But you don't have to breastfeed for a full year or two for your child to benefit from the cuddles and the antibodies, and no mother should feel guilty about doing what is best for her child and herself.

Take it from the American College of Obstetricians and Gynecologists: The organization recommends exclusive breastfeeding but also recognizes that a mother "is uniquely qualified to decide whether exclusive breastfeeding, mixed feeding or formula feeding is optimal for her and her infant."

A bit of advice Alba wrote in her book echos the ACOG's statement:

"Whatever you do, trust that you're doing the best that you can for your baby."

Still, weaning earlier than you wished to doesn't get easier even if you've experienced it before.

Years after writing that line in her book, Alba tells Motherly, "The only thing you kind of know the third time around is that it will pass."

Alba is an amazing mama, and she is obviously doing what's best for Hayes. And by being so honest about her breastfeeding struggles, she's also doing a great service to other mothers who are facing similar challenges.

Thanks for the honesty, Jessica.

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In the moments after we give birth, we desperately want to hear our baby cry. In the middle of the night a few months later it's no longer exactly music to our ears, but those cries aren't just telling us that baby needs a night feeding: They're also giving us a hint at what our children may sound like as kindergarteners, and adults.

New research published in the journal Biology Letters suggests the pitch of a 4-month-old's cry predicts the pitch they'll use to ask for more cookies at age five and maybe even later on as adults.

The study saw 2 to 5-month olds recorded while crying. Five years later, the researchers hit record again and chatted with the now speaking children. Their findings, combined with previous work on the subject, suggest it's possible to figure out what a baby's voice will sound like later in life, and that the pitch of our adult voices may be traceable back to the time we spend in utero. Further studies are needed, but scientists are very interested in how factors before birth can impact decades later.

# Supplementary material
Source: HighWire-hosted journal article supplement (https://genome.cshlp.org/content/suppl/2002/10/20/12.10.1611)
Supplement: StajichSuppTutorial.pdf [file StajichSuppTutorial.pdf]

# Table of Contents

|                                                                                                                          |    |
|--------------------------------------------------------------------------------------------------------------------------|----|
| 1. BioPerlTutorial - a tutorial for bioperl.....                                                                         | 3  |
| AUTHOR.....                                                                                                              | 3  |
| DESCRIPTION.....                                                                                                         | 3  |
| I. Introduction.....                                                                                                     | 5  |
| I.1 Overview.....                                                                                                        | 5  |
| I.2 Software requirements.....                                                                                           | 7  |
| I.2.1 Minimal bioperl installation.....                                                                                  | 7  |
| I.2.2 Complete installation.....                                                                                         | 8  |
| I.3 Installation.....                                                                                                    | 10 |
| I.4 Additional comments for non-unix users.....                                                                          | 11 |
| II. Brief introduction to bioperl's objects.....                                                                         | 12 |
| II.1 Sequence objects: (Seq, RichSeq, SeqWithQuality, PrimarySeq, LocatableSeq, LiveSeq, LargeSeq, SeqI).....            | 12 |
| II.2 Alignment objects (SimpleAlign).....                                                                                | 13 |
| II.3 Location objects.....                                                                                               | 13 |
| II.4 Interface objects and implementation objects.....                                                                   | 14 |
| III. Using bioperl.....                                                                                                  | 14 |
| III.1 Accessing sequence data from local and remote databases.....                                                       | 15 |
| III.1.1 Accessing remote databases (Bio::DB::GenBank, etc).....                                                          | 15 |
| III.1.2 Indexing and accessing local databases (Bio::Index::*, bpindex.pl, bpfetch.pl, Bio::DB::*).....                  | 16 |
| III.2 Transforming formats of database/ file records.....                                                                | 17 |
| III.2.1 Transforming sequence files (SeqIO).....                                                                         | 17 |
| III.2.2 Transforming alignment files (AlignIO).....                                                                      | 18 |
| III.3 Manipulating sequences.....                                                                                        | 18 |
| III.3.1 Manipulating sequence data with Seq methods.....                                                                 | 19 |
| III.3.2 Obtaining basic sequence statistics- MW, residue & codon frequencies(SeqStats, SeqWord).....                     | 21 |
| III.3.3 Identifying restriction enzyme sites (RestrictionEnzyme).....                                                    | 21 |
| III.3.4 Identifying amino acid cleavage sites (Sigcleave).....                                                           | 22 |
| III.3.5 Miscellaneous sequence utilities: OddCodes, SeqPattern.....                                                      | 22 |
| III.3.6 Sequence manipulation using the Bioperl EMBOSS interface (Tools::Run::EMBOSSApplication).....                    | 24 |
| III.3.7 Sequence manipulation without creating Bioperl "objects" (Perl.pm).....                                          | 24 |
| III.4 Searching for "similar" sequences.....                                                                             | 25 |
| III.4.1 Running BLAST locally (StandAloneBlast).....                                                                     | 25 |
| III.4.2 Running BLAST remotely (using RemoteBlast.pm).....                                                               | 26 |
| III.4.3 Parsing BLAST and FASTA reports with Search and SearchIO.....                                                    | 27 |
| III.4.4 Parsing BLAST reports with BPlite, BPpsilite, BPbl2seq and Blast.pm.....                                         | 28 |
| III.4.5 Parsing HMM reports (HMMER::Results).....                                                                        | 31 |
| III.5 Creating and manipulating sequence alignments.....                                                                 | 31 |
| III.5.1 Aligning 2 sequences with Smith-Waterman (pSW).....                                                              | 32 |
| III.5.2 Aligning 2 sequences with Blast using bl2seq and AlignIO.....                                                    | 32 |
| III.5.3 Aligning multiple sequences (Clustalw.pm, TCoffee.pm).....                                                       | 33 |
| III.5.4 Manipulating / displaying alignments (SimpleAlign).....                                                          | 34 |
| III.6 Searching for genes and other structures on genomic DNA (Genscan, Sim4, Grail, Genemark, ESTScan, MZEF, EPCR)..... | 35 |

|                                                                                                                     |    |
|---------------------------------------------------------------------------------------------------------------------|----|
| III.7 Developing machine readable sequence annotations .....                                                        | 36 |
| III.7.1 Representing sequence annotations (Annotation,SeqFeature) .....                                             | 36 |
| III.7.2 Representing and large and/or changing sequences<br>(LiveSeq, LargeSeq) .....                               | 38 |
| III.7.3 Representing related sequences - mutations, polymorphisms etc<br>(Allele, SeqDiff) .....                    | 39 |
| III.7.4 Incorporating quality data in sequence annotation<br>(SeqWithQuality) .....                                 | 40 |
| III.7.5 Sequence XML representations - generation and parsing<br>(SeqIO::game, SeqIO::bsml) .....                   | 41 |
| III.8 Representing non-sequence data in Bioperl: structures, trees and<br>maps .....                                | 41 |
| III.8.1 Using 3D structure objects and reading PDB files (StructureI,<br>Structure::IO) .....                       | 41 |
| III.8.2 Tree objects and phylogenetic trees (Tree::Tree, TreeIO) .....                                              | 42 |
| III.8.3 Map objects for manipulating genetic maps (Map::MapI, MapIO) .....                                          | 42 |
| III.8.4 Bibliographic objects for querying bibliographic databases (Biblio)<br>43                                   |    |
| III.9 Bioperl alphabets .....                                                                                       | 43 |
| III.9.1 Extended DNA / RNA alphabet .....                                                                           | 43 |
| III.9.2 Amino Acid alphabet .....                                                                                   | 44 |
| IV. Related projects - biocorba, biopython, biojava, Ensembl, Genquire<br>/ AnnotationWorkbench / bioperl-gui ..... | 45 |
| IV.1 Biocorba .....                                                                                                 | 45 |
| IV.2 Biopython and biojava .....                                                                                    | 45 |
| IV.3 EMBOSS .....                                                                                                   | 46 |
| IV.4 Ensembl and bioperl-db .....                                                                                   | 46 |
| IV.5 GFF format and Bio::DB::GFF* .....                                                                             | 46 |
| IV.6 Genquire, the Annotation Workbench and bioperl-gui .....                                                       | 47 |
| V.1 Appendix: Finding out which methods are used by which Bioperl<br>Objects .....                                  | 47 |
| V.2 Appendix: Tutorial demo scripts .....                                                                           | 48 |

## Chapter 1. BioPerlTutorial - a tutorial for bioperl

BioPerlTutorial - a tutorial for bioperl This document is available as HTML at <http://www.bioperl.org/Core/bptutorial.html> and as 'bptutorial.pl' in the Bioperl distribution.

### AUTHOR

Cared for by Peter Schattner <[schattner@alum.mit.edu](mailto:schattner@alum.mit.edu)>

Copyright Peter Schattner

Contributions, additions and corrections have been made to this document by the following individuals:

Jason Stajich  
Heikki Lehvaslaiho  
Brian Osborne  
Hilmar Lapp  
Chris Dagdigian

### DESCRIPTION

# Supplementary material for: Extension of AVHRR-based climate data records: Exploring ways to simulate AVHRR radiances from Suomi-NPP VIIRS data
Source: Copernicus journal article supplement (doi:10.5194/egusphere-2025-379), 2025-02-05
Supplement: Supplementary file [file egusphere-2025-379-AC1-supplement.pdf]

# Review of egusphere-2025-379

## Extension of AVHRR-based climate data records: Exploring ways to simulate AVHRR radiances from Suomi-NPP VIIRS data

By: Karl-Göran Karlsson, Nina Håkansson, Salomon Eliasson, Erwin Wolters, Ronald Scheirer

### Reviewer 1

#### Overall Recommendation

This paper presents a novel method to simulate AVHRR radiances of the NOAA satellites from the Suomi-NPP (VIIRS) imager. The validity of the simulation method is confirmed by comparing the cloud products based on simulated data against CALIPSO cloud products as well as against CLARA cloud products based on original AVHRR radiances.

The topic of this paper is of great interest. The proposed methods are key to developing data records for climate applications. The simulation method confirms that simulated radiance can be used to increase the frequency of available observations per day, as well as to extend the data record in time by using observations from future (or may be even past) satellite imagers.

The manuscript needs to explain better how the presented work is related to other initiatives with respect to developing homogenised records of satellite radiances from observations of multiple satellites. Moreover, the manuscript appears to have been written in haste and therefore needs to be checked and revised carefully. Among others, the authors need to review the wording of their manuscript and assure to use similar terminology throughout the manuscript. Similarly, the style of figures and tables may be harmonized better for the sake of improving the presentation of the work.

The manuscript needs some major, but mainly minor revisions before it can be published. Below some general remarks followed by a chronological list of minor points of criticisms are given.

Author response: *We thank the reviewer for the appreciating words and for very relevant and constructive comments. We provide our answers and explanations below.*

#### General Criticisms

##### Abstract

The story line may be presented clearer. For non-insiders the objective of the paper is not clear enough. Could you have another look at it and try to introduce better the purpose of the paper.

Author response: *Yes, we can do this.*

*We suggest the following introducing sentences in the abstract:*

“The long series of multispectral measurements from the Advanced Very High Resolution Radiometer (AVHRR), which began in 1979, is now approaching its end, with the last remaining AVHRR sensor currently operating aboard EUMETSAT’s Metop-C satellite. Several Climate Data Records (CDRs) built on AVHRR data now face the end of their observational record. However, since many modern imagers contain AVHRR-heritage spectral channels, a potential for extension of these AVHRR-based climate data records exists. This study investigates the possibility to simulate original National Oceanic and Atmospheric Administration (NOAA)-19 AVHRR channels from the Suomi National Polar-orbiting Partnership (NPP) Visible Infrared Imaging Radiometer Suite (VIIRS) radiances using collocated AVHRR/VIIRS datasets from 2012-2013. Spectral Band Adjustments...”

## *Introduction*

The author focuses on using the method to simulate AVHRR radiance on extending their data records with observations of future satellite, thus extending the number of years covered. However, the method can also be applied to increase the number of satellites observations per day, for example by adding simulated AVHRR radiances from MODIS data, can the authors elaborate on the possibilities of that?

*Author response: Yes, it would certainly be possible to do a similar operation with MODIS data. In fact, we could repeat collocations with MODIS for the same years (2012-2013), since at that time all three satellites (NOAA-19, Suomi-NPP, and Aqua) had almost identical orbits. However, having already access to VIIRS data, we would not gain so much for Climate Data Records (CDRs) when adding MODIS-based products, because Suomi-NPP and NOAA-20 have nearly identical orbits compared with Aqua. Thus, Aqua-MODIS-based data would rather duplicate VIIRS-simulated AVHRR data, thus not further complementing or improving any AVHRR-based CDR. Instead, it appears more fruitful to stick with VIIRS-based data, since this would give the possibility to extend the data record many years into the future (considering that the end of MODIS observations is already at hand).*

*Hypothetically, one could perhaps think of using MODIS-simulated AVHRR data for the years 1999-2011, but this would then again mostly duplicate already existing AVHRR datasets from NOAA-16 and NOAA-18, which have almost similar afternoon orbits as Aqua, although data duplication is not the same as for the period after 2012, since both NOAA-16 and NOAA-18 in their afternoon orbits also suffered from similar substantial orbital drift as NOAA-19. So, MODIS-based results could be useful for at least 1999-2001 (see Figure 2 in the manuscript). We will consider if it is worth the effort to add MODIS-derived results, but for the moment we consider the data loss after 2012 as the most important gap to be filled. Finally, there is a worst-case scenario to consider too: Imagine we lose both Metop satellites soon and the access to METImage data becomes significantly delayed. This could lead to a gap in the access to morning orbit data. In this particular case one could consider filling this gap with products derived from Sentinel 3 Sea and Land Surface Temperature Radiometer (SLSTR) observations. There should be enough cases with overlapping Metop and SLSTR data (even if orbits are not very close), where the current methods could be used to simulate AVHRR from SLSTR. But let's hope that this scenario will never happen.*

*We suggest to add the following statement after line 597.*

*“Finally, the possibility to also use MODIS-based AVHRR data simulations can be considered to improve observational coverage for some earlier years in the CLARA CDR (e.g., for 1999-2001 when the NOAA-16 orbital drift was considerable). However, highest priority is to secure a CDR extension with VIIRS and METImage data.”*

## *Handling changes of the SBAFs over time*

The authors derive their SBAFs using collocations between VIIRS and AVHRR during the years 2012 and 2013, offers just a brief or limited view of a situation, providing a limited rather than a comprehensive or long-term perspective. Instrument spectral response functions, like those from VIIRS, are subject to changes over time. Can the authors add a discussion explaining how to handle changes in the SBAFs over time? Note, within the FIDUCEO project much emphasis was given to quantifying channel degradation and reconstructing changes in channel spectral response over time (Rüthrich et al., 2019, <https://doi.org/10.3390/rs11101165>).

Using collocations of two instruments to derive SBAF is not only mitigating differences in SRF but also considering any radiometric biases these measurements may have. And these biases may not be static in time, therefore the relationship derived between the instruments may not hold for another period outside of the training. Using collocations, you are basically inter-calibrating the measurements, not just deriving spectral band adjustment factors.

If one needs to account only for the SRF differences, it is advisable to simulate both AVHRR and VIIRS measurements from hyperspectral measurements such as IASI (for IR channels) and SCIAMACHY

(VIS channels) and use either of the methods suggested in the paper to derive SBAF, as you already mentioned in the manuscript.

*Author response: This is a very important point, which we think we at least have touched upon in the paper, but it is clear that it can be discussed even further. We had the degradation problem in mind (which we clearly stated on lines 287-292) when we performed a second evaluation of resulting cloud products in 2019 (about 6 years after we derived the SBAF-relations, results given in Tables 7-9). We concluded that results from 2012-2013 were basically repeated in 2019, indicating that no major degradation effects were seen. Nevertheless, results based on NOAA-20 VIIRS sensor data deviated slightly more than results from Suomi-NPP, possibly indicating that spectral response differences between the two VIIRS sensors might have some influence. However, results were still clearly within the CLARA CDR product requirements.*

"In utero, you have a lot of different things that can alter and impact your life — not only as a baby, but also at an adult stage," one of the authors of the study, Nicolas Mathevon, told the New York Times.

The New York Times also spoke with Carolyn Hodges, an assistant professor of anthropology at Boston University who was not involved in the study. According to Hodges, while voice pitch may not seem like a big deal, it impacts how we perceive people in very real ways.

Voice pitch is a factor in how attractive we think people are, how trustworthy. But why we find certain pitches more or less appealing isn't known. "There aren't many studies that address these questions, so that makes this research especially intriguing," Hodges said, adding that it "suggests that individual differences in voice pitch may have their origins very, very early in development."

So the pitch of that midnight cry may have been determined months ago, and it may determine part of your child's future, too. There are still so many things we don't know, but as parents we do know one thing: Our babies cries (as much as we don't want to hear them all the time) really are something special.

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I have a confession to make.

I once completely ruined a (rare) date night out over... popcorn. Seriously.

Who knew such a delicious, buttery treat could be such a catalyst for drama?

So, we were at the movies and after sitting down in our seats I asked my husband if he could go get me some popcorn. I mean, I didn't want to miss the beginning of the movie… He said something along the lines of, "Ugh, can you just go get it?" And I said something along the lines of, "You better sleep with one eye open tonight." 😜

I sulked off and got my popcorn. Then, I proceeded to watch the movie with a scowl and a bad attitude, similar to the combo my 2-year-old threw me a few days prior because I wouldn't give her my hot coffee (logical). This nonsense carried over into the car ride home. The evening that could have been a light, carefree night out with my partner turned into a bit of a dud.